Google Sheet Formulas Every Business Owner Must Know
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When you use Google spreadsheets for production, you have access to a variety of formulas that can help make your workflow much easier. Various functions allow stakeholders to organize, edit, search for and analyze different types of information.
Let’s look at five of the Google Sheets formulas that business owners and bloggers should learn more about.
SPLIT() to Divide Data Into Multiple Cells
Sometimes you may need to take data in one cell and split it into multiple ones. You can perform this function by way of the split formula.
Formula: SPLIT(Text, Delimiter)
The text equals the text that will be divided by the parameter. The delimiter is the character(s) used to split the text.
Use this function if you have a list of names, but the first and the last name are not separated. You can use the split formula to easily place each first name and each last name into appropriate columns.
SUBSTITUTE() to Replace Existing Text
There’s nothing worse than completing a huge document only to realize that you now have to go back and make several replacements for specific text. Well, instead of meticulously searching for and replacing each word one by one, we could simply use the convenient substitute formula.
Formula: SUBSTITUTE(text_to_search, search_for, replace_with, [occurrence_number])
Be mindful that this formula is case sensitive and you must use a comma to separate each attribute for it to work properly. In other words, if you want to replace “Woman” but type “woman”, the formula will only recognize the instances of “woman”.
IMPORTRANGE() to Import a Range of Cells
Sometimes we need to import information from one document into another. The Importrange formula allows us to import a specific range of cells from a different worksheet into another.
Formula: IMPORTRANGE(spreadsheet_url, range_string)
The formula may mistakenly seem complex — especially when you view the long spreadsheet URL — but it is quite simple. All you need is the spreadsheet URL and the cell range of the data you want to import.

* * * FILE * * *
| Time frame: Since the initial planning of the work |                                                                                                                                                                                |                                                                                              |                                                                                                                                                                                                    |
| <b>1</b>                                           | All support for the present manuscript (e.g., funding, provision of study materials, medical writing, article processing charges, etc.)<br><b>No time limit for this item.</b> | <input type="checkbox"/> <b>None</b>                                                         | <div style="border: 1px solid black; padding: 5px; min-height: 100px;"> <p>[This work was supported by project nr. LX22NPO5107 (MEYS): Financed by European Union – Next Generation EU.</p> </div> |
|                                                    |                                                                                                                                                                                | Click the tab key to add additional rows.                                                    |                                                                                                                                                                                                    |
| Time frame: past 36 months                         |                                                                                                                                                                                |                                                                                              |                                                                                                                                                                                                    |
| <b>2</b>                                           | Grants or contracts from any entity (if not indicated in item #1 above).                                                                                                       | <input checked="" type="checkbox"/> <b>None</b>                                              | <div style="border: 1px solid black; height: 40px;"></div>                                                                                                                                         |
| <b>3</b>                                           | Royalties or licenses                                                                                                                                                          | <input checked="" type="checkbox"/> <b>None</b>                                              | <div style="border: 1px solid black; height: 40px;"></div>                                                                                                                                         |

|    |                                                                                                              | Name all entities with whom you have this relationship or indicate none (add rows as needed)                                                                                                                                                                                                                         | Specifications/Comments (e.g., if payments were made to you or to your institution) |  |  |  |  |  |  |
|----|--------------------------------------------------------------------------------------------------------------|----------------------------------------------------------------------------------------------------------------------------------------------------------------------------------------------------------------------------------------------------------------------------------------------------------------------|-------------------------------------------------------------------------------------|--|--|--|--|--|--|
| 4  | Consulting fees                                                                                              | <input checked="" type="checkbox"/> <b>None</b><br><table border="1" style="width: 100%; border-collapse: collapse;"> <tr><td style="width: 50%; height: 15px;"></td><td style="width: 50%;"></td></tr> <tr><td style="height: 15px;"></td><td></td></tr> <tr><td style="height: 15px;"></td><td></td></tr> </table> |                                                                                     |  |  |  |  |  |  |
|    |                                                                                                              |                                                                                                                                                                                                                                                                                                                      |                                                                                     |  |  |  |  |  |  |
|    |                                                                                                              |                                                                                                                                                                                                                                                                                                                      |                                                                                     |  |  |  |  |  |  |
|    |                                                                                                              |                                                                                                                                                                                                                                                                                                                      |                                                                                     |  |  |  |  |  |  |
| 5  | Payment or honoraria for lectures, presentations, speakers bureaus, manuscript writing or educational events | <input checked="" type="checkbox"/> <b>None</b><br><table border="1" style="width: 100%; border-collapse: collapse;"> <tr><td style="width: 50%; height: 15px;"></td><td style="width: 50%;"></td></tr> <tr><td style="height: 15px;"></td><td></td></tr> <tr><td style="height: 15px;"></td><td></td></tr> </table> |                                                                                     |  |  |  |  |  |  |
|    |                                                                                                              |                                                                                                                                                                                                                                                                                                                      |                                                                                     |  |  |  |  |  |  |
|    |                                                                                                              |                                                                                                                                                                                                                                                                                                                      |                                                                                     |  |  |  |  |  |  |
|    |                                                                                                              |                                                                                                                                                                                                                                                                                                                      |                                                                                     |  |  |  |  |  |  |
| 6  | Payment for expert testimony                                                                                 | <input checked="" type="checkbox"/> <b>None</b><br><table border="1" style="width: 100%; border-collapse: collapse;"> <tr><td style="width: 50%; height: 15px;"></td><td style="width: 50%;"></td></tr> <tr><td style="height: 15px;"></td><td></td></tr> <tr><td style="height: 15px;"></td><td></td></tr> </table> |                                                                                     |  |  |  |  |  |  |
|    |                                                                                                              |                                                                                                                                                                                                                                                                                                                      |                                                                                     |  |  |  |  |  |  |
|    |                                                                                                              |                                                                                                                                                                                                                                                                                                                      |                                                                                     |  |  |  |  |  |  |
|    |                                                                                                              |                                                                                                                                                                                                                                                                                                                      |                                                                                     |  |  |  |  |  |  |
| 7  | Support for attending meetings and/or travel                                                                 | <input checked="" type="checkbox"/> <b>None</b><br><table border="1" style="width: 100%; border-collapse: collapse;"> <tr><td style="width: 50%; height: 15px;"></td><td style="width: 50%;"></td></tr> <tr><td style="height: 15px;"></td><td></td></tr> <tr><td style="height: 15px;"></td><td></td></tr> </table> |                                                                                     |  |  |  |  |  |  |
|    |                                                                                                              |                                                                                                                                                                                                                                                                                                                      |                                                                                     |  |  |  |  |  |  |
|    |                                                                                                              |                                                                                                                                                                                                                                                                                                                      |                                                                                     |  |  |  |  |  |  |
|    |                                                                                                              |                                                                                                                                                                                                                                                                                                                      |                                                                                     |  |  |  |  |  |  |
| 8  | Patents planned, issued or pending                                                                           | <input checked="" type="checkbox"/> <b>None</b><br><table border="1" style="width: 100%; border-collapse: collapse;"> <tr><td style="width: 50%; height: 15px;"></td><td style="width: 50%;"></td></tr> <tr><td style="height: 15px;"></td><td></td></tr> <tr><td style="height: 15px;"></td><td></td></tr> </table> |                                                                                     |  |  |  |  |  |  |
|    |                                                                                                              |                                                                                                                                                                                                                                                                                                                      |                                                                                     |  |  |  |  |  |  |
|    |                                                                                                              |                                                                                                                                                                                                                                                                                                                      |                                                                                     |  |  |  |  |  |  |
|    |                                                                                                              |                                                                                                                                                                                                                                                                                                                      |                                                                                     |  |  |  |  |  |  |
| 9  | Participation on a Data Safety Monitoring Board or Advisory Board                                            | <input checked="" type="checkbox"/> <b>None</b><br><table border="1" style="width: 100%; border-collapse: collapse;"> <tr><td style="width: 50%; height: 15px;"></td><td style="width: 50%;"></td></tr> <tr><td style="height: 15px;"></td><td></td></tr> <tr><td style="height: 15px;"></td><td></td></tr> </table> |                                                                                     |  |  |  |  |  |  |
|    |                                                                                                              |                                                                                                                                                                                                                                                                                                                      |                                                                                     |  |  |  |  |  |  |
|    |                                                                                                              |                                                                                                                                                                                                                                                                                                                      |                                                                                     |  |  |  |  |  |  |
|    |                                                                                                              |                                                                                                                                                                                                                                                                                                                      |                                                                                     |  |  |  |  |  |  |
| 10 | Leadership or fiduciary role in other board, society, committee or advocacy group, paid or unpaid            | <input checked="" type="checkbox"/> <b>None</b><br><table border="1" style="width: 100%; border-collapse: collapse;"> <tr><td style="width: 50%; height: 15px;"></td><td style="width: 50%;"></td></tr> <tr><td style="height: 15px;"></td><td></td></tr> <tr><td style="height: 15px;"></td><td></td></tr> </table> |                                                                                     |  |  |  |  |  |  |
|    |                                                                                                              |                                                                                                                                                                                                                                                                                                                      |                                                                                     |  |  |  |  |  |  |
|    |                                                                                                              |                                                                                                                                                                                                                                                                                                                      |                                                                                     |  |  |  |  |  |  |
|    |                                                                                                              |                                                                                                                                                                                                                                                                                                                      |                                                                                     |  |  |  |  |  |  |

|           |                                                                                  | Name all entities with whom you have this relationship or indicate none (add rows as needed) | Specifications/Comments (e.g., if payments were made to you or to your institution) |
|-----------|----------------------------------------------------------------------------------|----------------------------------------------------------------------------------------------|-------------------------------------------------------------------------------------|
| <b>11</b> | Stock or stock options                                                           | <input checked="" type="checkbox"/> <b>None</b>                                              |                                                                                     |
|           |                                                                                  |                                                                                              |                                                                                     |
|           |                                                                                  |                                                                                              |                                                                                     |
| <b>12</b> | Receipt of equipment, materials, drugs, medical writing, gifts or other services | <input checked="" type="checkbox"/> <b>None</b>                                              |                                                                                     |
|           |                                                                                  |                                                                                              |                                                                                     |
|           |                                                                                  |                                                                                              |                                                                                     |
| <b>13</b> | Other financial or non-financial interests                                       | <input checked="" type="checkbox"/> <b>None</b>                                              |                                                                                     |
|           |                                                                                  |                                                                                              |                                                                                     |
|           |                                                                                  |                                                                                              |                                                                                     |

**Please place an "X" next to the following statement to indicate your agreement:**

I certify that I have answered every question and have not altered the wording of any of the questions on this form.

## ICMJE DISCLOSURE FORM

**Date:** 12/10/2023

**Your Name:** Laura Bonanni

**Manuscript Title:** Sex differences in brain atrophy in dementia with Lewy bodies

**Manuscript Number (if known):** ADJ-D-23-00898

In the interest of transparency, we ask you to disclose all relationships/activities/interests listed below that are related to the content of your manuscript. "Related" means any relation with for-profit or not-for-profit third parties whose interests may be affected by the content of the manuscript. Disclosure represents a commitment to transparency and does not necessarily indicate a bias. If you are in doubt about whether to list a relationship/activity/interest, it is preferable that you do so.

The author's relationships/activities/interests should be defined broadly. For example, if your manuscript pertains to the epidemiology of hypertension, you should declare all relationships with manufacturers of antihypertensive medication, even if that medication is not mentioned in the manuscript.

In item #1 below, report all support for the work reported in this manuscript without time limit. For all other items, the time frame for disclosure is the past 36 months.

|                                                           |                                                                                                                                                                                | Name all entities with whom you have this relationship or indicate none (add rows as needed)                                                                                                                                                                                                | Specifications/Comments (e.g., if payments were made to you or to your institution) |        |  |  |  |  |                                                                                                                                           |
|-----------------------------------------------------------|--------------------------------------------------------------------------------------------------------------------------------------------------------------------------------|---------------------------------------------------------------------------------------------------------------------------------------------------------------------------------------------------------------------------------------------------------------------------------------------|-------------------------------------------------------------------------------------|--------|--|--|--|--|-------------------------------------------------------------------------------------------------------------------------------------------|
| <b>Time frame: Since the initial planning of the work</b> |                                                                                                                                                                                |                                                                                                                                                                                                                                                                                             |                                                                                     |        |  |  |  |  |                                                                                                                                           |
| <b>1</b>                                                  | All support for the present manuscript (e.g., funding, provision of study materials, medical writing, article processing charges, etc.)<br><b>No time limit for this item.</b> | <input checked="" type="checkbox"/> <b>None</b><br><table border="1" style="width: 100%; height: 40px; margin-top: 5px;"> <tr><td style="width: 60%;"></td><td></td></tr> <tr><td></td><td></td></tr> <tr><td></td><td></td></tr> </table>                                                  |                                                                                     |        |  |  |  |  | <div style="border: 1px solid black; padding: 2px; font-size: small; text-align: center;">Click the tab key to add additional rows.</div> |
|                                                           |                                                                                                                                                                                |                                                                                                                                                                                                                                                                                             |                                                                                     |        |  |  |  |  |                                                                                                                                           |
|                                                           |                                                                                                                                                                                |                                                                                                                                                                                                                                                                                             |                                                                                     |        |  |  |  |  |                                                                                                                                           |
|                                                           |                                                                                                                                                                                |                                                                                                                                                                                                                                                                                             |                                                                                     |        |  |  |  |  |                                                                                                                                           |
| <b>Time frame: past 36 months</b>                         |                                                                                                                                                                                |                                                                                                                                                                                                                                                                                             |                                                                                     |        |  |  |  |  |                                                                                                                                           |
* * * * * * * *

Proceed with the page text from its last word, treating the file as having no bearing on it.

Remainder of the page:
Here’s an example:
Notice that quotes enclose both the spreadsheet URL and the range. That is because Google Sheets treat both arguments as strings. You will also notice an exclamation mark between the sheet name (Sheet2) and the cell range ( A1:C12). You must include this mark to separate the two.
SUMIF() to Add Numbers in a Range Cell
You can use this formula to deliver the sum of cells based on the condition in a given range.
A perfect use of this formula is to add up the prices in specific categories while excluding others.
One case scenario for this formula may involve a review of your budget. You may have a list of items in categories like Books, Movies, and Electronics. If you only want to see what you have spent on books, you can use this formula:
=SUMIF(B1:B10, “books”, C1:C10).
The B1:B10 range represents all the categories (Books, Movies, Electronics) while the C1:C10 range represents all the prices. When using the parameter “books” in the formula, we pull only the book prices from both columns.
Highlight Duplicates to Find Repetitive Text
Sometimes when we create a long list or spreadsheet, we may inadvertently have duplicate data in some cells. To find any repetitive text, we can make use of the highlight duplicates formula.
If you often have to worry about duplicate content in a spreadsheet, learn more about using highlight duplicates to clean up your document.
Google Sheets is an extensive tool with many features and formulas to make business workflows more efficient. This list is merely a very short sampling of the ideal formulas that you should know. As you become familiar with more of these formulas, you will see vast improvements in your overall production.
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